Secure Node Registration in Selenium Grid 4

This is another in the small series of ‘things that have changed in Selenium Grid but I have not yet added to the official docs’ posts.

When Selenium Grid was first created, the expectation was that your Grid Hub was nicely secured inside your network, along with your Nodes so everything should be trusted to communicate. But now that we live in a cloud environment, that assumption isn’t quite as tight as it once was. You could have everything tightly locked down in your AWS account, but if someone gets their access key comprimised who can make instances, well, it’s a problem. I know if I was a bad guy, I would be scanning for open Grid Hubs and then figure out how to register with them. There is a wealth of information to be had; competitive intelligence on new features not available in the wild, account details for production testing, etc.

Last night I pushed a change that prevents rouge Grid Nodes from registering in your Grid Hub (so it will be available in the next alpha or you can build it yourself now). I don’t know if this has ever happened in the wild, but the fact that it could is enough that it needed to be closed down.

In order to secure Node registration, you need to supply the new argument --registration-secret in a couple different places. If the secrets do not match, the Node is not registered. This secret should be treated like any other password in your infrastructure, which is to say, not checked into a repo or other practice. Instead it should be kept in something like Hashicorp Vault or AWS Secrets Manager and only accessed (via automated means) when needed.

Standalone Server

When running your Hub as a single instance, there is only one process so only one place that needs the secret handed to it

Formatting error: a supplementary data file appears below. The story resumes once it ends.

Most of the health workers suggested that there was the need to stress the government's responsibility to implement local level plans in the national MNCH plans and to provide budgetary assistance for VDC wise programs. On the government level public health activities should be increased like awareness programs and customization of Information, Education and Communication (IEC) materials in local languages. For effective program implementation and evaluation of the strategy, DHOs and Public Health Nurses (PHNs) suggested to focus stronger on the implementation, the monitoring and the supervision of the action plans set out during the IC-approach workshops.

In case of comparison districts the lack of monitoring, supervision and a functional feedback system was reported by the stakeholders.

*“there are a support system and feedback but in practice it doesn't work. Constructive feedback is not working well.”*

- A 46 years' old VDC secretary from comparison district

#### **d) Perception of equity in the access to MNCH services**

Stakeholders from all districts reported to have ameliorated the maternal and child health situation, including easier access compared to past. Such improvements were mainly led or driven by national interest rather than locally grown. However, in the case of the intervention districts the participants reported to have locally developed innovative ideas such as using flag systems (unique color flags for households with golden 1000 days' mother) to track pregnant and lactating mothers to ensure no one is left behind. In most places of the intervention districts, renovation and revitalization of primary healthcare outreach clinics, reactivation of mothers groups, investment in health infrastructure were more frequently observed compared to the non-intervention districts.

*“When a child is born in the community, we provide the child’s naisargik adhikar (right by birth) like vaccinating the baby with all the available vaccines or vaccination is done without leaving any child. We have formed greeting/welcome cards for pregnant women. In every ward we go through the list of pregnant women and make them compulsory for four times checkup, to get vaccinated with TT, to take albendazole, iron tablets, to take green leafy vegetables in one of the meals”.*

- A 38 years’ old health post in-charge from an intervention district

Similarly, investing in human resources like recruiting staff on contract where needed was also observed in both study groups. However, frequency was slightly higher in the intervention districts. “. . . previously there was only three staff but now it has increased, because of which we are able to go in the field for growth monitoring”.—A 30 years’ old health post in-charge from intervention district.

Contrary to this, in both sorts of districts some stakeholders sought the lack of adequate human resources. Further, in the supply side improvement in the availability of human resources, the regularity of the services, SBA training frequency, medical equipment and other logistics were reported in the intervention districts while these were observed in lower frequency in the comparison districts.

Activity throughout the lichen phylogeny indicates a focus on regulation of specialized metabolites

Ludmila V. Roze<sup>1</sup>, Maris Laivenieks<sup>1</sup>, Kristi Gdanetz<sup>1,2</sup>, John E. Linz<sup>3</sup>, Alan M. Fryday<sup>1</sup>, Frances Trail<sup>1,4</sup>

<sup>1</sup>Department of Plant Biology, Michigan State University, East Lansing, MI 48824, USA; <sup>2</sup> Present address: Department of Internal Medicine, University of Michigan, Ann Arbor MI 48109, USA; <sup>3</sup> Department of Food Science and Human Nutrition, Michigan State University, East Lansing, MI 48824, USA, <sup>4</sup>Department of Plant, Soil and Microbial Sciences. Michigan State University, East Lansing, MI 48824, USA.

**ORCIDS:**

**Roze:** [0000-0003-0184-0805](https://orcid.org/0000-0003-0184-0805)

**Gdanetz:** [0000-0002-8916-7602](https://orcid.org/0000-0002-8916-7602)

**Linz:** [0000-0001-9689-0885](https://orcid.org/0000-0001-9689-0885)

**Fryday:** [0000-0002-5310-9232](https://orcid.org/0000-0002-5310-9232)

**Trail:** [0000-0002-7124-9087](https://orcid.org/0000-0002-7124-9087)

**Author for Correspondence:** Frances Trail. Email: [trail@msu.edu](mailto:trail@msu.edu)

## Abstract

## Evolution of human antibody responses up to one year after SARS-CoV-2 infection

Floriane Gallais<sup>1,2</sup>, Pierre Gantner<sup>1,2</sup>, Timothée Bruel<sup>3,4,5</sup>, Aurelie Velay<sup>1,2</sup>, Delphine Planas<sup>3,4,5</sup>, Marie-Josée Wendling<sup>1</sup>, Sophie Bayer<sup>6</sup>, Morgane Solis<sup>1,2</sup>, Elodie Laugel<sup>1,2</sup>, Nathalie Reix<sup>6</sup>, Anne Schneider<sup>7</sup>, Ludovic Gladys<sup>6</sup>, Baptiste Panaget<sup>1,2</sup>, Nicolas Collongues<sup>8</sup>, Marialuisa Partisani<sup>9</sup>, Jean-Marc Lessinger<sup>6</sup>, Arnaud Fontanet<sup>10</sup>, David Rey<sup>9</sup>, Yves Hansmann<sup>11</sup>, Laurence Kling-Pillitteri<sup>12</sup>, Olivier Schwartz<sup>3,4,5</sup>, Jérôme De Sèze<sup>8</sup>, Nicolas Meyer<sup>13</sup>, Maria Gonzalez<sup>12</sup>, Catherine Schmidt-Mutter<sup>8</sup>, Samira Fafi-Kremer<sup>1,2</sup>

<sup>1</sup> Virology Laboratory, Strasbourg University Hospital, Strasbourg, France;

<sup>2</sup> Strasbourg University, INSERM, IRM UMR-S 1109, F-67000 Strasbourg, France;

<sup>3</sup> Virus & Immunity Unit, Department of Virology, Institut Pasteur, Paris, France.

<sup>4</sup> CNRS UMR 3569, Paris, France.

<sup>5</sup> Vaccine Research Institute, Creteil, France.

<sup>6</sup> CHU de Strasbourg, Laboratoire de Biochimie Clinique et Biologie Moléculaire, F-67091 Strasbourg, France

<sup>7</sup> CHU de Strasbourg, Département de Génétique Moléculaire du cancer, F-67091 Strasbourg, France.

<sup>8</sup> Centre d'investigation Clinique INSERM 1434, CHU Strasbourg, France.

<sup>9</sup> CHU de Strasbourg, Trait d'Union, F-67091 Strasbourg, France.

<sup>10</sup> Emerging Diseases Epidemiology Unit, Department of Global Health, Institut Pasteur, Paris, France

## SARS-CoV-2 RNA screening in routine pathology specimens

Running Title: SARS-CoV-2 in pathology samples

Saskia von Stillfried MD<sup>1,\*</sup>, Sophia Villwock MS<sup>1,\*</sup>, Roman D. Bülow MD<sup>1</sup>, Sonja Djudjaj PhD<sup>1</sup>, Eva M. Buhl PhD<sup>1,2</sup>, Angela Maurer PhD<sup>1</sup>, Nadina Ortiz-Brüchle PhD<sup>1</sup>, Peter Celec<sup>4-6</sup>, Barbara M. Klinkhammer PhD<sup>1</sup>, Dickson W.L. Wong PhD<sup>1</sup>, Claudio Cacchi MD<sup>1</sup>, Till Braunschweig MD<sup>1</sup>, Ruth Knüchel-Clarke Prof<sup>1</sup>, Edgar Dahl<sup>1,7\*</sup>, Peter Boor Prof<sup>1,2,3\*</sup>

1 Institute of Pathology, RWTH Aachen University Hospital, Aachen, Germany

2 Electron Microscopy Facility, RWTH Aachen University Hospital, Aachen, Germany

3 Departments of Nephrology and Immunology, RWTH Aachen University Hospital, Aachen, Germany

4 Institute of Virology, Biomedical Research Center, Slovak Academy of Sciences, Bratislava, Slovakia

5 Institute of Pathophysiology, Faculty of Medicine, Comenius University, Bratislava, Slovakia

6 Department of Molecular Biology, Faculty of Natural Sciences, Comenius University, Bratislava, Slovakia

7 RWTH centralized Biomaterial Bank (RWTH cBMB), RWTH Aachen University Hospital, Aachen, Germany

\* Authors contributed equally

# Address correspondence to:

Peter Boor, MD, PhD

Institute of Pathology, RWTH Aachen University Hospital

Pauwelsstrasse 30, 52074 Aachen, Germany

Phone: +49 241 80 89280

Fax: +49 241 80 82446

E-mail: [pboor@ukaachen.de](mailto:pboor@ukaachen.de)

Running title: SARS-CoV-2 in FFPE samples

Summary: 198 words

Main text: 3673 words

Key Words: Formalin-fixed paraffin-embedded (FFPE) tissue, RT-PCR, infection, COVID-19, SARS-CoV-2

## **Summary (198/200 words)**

java -jar selenium.jar \
       hub \
       --https-private-key /path/to/key.pkcs8 \
       --https-certificate /path/to/cert.pem \
       --registration-secret cheese

Distributed Server

When running your Hub in a distributed configuration, the Distributor and Router servers need to have it.

  java -jar selenium.jar \
       distributor \
       --https-private-key /path/to/key.pkcs8 \
       --https-certificate /path/to/cert.pem \
       -s https://sessions.grid.com:5556 \
       --registration-secret cheese \
  java -jar selenium.jar \
       router \
       --https-private-key /path/to/key.pkcs8 \
       --https-certificate /path/to/cert.pem \
       -s https://sessions.grid.com:5556 \
       -d https://distributor.grid.com:5553 \
       --registration-secret cheese

Node

Regardless of your approach to running the Server, the Node needs it too. (Obviously.)

  java -jar selenium.jar \
       node \
       --https-private-key /path/to/key.pkcs8 \
       --https-certificate /path/to/cert.pem \
       --detect-drivers \
       --registration-secret cheese

Detection

When a Node fails to register, two things happen;

  1. A log entry is created at an ERROR level saying a Node did not register correctly. Your Selenium infrastructure needs the same attention to its logging as your production infrastructure. So this should trip an alert to someone in whatever manner it is this would happen for a potential security problem in any other environment.
  2. An event is dropped onto the bus. The Selenium Server shipped with a 0mq bus built-in, but when deploying in a real environment I would suggest using it with something like AWS SQS (or your cloud’s equivilant) as your queuing system which you and then have something like AWS Lambda watch for these events and trigger actions accordingly.

It should be noted further that these are all on the side of the Server, not the Node. The rouge Node is not given any indication that secrets are configured or that the secret they sent was incorrect.

Post a Comment

Your email is never published nor shared. Required fields are marked *